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Global Go To Think Tank Index (GGTTI) 2020 launched                    111,75 Think Tanks across the world ranked in different categories.                SDPI is ranked 90th among “Top Think Tanks Worldwide (non-US)”.           SDPI stands 11th among Top Think Tanks in South & South East Asia & the Pacific (excluding India).            SDPI notches 33rd position in “Best New Idea or Paradigm Developed by A Think Tank” category.                SDPI remains 42nd in “Best Quality Assurance and Integrity Policies and Procedure” category.              SDPI stands 49th in “Think Tank to Watch in 2020”.            SDPI gets 52nd position among “Best Independent Think Tanks”.                           SDPI becomes 63rd in “Best Advocacy Campaign” category.                   SDPI secures 60th position in “Best Institutional Collaboration Involving Two or More Think Tanks” category.                       SDPI obtains 64th position in “Best Use of Media (Print & Electronic)” category.               SDPI gains 66th position in “Top Environment Policy Tink Tanks” category.                SDPI achieves 76th position in “Think Tanks With Best External Relations/Public Engagement Program” category.                    SDPI notches 99th position in “Top Social Policy Think Tanks”.            SDPI wins 140th position among “Top Domestic Economic Policy Think Tanks”.               SDPI is placed among special non-ranked category of Think Tanks – “Best Policy and Institutional Response to COVID-19”.                                            Owing to COVID-19 outbreak, SDPI staff is working from home from 9am to 5pm five days a week. All our staff members are available on phone, email and/or any other digital/electronic modes of communication during our usual official hours. You can also find all our work related to COVID-19 in orange entries in our publications section below.    The Sustainable Development Policy Institute (SDPI) is pleased to announce its Twenty-third Sustainable Development Conference (SDC) from 14 – 17 December 2020 in Islamabad, Pakistan. The overarching theme of this year’s Conference is Sustainable Development in the Times of COVID-19. Read more…       FOOD SECIRITY DASHBOARD: On 4th Nov, SDPI has shared the first prototype of Food Security Dashboard with Dr Moeed Yousaf, the Special Assistant to Prime Minister on  National Security and Economic Outreach in the presence of stakeholders, including Ministry of National Food Security and Research. Provincial and district authorities attended the event in person or through zoom. The dashboard will help the government monitor and regulate the supply chain of essential food commodities.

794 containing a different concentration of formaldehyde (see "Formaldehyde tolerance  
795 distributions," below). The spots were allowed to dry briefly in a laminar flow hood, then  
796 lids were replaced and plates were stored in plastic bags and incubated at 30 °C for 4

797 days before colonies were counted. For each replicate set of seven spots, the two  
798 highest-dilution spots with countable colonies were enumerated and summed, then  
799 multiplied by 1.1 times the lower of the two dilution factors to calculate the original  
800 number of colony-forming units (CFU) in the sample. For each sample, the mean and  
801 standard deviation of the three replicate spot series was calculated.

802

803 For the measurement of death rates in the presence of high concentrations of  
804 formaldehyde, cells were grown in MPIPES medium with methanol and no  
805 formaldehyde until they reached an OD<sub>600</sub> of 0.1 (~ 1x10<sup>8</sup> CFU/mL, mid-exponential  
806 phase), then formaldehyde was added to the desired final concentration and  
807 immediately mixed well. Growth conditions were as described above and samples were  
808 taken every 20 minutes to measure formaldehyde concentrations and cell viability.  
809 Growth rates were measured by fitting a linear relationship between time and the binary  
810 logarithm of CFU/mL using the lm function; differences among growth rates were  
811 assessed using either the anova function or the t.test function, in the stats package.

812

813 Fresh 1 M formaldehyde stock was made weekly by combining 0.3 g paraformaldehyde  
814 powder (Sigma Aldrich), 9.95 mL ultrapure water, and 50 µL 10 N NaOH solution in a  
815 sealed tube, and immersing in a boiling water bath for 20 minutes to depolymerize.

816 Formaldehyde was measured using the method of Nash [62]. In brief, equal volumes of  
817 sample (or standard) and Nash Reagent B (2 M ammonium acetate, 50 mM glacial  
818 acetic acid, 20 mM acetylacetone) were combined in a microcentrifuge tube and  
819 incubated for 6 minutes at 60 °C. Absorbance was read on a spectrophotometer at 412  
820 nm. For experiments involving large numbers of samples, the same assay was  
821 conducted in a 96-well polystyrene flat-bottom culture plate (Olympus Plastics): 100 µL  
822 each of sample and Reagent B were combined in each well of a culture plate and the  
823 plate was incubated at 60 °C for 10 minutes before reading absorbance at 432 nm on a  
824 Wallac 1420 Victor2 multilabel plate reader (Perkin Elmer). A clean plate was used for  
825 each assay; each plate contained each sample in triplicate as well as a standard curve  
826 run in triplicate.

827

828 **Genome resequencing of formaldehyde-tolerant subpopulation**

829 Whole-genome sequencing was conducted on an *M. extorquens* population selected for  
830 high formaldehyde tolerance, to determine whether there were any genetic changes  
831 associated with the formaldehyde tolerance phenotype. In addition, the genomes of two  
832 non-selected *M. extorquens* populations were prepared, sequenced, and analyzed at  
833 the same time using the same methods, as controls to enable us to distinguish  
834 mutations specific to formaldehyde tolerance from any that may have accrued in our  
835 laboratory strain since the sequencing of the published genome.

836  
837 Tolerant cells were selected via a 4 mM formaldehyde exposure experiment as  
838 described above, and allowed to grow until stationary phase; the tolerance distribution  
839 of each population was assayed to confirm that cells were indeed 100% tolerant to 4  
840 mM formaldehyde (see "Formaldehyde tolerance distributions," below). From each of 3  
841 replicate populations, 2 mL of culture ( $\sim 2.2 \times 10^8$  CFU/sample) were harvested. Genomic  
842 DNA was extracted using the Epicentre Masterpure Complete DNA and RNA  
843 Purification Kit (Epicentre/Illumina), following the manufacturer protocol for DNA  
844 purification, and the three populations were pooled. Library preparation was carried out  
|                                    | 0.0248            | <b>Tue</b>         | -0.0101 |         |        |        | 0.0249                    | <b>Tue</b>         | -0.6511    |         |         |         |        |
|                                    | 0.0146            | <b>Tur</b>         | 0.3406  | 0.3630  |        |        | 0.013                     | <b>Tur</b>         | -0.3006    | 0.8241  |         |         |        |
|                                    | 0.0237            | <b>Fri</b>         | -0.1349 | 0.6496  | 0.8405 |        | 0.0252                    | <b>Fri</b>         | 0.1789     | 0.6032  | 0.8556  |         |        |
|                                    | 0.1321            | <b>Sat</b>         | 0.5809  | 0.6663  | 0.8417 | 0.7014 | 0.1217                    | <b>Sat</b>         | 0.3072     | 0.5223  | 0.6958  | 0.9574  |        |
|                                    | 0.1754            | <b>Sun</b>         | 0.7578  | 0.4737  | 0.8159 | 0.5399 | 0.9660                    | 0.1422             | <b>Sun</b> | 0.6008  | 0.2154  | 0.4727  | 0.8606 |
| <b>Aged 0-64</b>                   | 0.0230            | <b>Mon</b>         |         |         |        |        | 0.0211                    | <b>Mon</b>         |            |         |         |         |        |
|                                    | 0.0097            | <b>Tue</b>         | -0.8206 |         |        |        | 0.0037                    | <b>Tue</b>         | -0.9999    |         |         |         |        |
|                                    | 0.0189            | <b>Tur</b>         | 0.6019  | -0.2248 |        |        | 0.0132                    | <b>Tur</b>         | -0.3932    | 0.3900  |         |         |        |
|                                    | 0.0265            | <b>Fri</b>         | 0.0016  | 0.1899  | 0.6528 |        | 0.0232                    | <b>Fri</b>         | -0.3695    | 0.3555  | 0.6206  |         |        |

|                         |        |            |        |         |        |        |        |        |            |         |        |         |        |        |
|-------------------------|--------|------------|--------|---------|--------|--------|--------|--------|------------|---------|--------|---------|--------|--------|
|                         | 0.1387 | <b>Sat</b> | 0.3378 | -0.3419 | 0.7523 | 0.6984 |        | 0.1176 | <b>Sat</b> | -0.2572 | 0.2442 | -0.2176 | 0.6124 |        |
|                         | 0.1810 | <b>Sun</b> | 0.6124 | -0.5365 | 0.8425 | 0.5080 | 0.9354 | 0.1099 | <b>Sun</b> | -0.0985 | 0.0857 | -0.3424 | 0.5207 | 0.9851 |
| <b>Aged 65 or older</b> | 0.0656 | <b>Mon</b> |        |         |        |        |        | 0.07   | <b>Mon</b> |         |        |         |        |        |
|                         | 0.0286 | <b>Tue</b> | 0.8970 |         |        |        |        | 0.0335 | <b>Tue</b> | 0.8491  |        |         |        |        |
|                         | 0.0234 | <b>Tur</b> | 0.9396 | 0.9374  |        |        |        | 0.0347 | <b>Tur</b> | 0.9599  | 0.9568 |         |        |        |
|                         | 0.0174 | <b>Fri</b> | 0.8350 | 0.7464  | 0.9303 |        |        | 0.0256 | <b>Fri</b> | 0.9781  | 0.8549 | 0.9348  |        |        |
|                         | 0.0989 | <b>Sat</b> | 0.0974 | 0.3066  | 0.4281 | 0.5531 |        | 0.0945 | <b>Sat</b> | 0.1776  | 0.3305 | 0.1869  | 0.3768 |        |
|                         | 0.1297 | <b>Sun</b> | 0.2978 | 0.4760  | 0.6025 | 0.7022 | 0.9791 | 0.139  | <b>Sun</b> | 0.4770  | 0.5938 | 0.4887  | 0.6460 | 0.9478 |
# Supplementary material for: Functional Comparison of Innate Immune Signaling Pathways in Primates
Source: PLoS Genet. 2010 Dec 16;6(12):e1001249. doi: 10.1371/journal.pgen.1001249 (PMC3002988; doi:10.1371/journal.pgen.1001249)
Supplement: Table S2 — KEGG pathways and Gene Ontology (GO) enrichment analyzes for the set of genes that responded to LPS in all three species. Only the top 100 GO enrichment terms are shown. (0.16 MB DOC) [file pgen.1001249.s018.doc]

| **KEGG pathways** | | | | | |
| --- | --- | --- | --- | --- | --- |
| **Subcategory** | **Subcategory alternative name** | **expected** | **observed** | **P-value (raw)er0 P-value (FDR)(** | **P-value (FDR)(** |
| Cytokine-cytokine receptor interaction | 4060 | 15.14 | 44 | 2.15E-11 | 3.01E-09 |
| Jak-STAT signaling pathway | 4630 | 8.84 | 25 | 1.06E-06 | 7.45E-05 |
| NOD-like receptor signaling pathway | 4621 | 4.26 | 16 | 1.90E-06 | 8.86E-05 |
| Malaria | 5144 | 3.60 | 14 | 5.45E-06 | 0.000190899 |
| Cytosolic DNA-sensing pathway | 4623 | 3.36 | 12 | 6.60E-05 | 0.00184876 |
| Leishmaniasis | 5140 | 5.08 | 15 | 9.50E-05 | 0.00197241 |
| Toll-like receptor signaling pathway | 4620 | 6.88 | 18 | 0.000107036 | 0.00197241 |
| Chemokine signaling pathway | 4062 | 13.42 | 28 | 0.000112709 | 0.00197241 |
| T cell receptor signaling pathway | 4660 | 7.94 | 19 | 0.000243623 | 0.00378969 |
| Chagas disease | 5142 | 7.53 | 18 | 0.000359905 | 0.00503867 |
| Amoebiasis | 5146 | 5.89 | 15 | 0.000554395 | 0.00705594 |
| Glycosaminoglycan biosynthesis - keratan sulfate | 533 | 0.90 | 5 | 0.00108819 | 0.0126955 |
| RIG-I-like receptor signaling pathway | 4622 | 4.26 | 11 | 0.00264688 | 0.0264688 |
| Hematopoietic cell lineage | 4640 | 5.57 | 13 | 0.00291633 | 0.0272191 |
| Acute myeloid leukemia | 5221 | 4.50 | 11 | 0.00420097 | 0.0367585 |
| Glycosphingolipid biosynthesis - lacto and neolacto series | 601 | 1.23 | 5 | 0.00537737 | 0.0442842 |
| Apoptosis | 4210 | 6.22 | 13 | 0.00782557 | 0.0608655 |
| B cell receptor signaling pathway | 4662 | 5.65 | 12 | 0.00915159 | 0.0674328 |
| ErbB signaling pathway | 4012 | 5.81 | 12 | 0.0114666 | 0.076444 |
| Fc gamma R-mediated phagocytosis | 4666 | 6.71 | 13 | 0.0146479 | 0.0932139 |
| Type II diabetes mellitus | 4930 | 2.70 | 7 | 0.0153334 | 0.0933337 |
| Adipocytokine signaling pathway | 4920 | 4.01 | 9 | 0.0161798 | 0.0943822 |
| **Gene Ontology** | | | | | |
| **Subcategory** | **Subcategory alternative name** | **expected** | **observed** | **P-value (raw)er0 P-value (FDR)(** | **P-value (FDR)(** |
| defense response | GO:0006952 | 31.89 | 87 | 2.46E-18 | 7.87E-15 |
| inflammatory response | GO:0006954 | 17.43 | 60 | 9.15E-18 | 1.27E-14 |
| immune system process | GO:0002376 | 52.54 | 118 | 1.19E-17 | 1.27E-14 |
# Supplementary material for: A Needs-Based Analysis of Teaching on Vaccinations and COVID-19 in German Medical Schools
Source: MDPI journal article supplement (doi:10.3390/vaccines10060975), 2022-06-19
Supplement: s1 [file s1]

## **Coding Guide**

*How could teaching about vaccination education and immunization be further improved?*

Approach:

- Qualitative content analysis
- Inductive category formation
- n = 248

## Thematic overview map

How to make external trade strategy work
By: Sajid Amin Javed
The good news is that Strategic Trade Policy Framework (STPF) (2018-23) seeks to increase exports to $61 billion by 2023 with a minimum target of $36.2 billion which is roughly equal to $35 billion target of STPF 2015-18. Integration to global value chains, improving FDI inflows and developing entrepreneurship are some major objectives. Particularly small and medium-scale entrepreneurs are identified as high priority areas, absolutely ignored in STPF 2015-18. 
STPF 2015-18 fared badly missing all the targets. Key target enhancing exports to US$ 35 billion annually turned on its head and exports fell below US dollar 20 billion per annum. Similar was the fate of other key targets, including improving export competitiveness, transitioning factor-driven economy to efficiency and innovation-driven economy and increasing share in regional trade. A closer look into STPF 2015-18 helps identifying factors responsible for the poor outcomes.